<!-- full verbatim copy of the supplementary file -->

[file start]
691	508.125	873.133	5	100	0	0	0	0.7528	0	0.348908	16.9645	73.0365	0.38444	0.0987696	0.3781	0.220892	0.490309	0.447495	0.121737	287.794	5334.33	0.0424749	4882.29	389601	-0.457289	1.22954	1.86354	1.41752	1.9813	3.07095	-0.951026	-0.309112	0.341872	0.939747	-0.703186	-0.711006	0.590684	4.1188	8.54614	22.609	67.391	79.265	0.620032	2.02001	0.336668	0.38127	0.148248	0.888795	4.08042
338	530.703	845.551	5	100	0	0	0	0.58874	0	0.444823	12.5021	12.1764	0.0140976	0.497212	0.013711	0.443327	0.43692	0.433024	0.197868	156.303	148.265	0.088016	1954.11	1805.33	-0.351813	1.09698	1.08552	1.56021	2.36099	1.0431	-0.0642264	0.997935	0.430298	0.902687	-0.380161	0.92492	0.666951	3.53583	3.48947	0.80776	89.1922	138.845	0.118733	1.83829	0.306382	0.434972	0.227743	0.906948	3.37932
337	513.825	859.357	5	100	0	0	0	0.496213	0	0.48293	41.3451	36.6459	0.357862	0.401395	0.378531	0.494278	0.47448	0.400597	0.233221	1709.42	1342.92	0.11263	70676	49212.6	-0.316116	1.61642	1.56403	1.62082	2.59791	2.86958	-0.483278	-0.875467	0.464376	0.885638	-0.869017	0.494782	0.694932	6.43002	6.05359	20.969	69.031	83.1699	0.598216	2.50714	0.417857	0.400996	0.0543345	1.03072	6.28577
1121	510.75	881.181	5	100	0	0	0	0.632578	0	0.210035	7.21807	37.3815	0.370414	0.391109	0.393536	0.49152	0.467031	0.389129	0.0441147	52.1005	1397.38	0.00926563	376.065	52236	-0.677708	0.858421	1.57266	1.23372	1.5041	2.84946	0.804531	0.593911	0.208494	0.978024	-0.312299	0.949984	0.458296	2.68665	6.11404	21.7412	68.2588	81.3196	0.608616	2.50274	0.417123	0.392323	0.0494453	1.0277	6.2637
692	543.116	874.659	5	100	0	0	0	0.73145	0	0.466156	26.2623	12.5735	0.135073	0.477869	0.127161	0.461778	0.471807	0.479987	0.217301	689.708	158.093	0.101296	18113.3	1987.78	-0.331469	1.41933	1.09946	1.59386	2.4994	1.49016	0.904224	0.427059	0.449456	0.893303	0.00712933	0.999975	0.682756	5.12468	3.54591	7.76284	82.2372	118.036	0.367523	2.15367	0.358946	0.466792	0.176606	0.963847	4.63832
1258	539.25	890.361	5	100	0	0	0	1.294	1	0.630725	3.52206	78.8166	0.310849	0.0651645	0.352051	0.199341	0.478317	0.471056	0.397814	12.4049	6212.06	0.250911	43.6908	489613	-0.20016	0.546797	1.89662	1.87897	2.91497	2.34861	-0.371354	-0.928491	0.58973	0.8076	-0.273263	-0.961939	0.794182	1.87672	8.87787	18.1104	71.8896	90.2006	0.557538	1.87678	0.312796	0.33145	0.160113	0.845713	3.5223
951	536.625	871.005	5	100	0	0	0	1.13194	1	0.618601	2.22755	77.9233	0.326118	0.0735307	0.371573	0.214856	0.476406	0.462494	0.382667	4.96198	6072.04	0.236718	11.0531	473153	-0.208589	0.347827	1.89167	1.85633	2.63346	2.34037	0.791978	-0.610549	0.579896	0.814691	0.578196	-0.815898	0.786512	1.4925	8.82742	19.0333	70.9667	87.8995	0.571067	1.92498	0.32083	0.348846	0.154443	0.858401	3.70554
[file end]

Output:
691	508.125	873.133	5	100	0	0	0	0.7528	0	0.348908	16.9645	73.0365	0.38444	0.0987696	0.3781	0.220892	0.490309	0.447495	0.121737	287.794	5334.33	0.0424749	4882.29	389601	-0.457289	1.22954	1.86354	1.41752	1.9813	3.07095	-0.951026	-0.309112	0.341872	0.939747	-0.703186	-0.711006	0.590684	4.1188	8.54614	22.609	67.391	79.265	0.620032	2.02001	0.336668	0.38127	0.148248	0.888795	4.08042
338	530.703	845.551	5	100	0	0	0	0.58874	0	0.444823	12.5021	12.1764	0.0140976	0.497212	0.013711	0.443327	0.43692	0.433024	0.197868	156.303	148.265	0.088016	1954.11	1805.33	-0.351813	1.09698	1.08552	1.56021	2.36099	1.0431	-0.0642264	0.997935	0.430298	0.902687	-0.380161	0.92492	0.666951	3.53583	3.48947	0.80776	89.1922	138.845	0.118733	1.83829	0.306382	0.434972	0.227743	0.906948	3.37932
337	513.825	859.357	5	100	0	0	0	0.496213	0	0.48293	41.3451	36.6459	0.357862	0.401395	0.378531	0.494278	0.47448	0.400597	0.233221	1709.42	1342.92	0.11263	70676	49212.6	-0.316116	1.61642	1.56403	1.62082	2.59791	2.86958	-0.483278	-0.875467	0.464376	0.885638	-0.869017	0.494782	0.694932	6.43002	6.05359	20.969	69.031	83.1699	0.598216	2.50714	0.417857	0.400996	0.0543345	1.03072	6.28577
1121	510.75	881.181	5	100	0	0	0	0.632578	0	0.210035	7.21807	37.3815	0.370414	0.391109	0.393536	0.49152	0.467031	0.389129	0.0441147	52.1005	1397.38	0.00926563	376.065	52236	-0.677708	0.858421	1.57266	1.23372	1.5041	2.84946	0.804531	0.593911	0.208494	0.978024	-0.312299	0.949984	0.458296	2.68665	6.11404	21.7412	68.2588	81.3196	0.608616	2.50274	0.417123	0.392323	0.0494453	1.0277	6.2637
692	543.116	874.659	5	100	0	0	0	0.73145	0	0.466156	26.2623	12.5735	0.135073	0.477869	0.127161	0.461778	0.471807	0.479987	0.217301	689.708	158.093	0.101296	18113.3	1987.78	-0.331469	1.41933	1.09946	1.59386	2.4994	1.49016	0.904224	0.427059	0.449456	0.893303	0.00712933	0.999975	0.682756	5.12468	3.54591	7.76284	82.2372	118.036	0.367523	2.15367	0.358946	0.466792	0.176606	0.963847	4.63832
1258	539.25	890.361	5	100	0	0	0	1.294	1	0.630725	3.52206	78.8166	0.310849	0.0651645	0.352051	0.199341	0.478317	0.471056	0.397814	12.4049	6212.06	0.250911	43.6908	489613	-0.20016	0.546797	1.89662	1.87897	2.91497	2.34861	-0.371354	-0.928491	0.58973	0.8076	-0.273263	-0.961939	0.794182	1.87672	8.87787	18.1104	71.8896	90.2006	0.557538	1.87678	0.312796	0.33145	0.160113	0.845713	3.5223
951	536.625	871.005	5	100	0	0	0	1.13194	1	0.618601	2.22755	77.9233	0.326118	0.0735307	0.371573	0.214856	0.476406	0.462494	0.382667	4.96198	6072.04	0.236718	11.0531	473153	-0.208589	0.347827	1.89167	1.85633	2.63346	2.34037	0.791978	-0.610549	0.579896	0.814691	0.578196	-0.815898	0.786512	1.4925	8.82742	19.0333	70.9667	87.8995	0.571067	1.92498	0.32083	0.348846	0.154443	0.858401	3.70554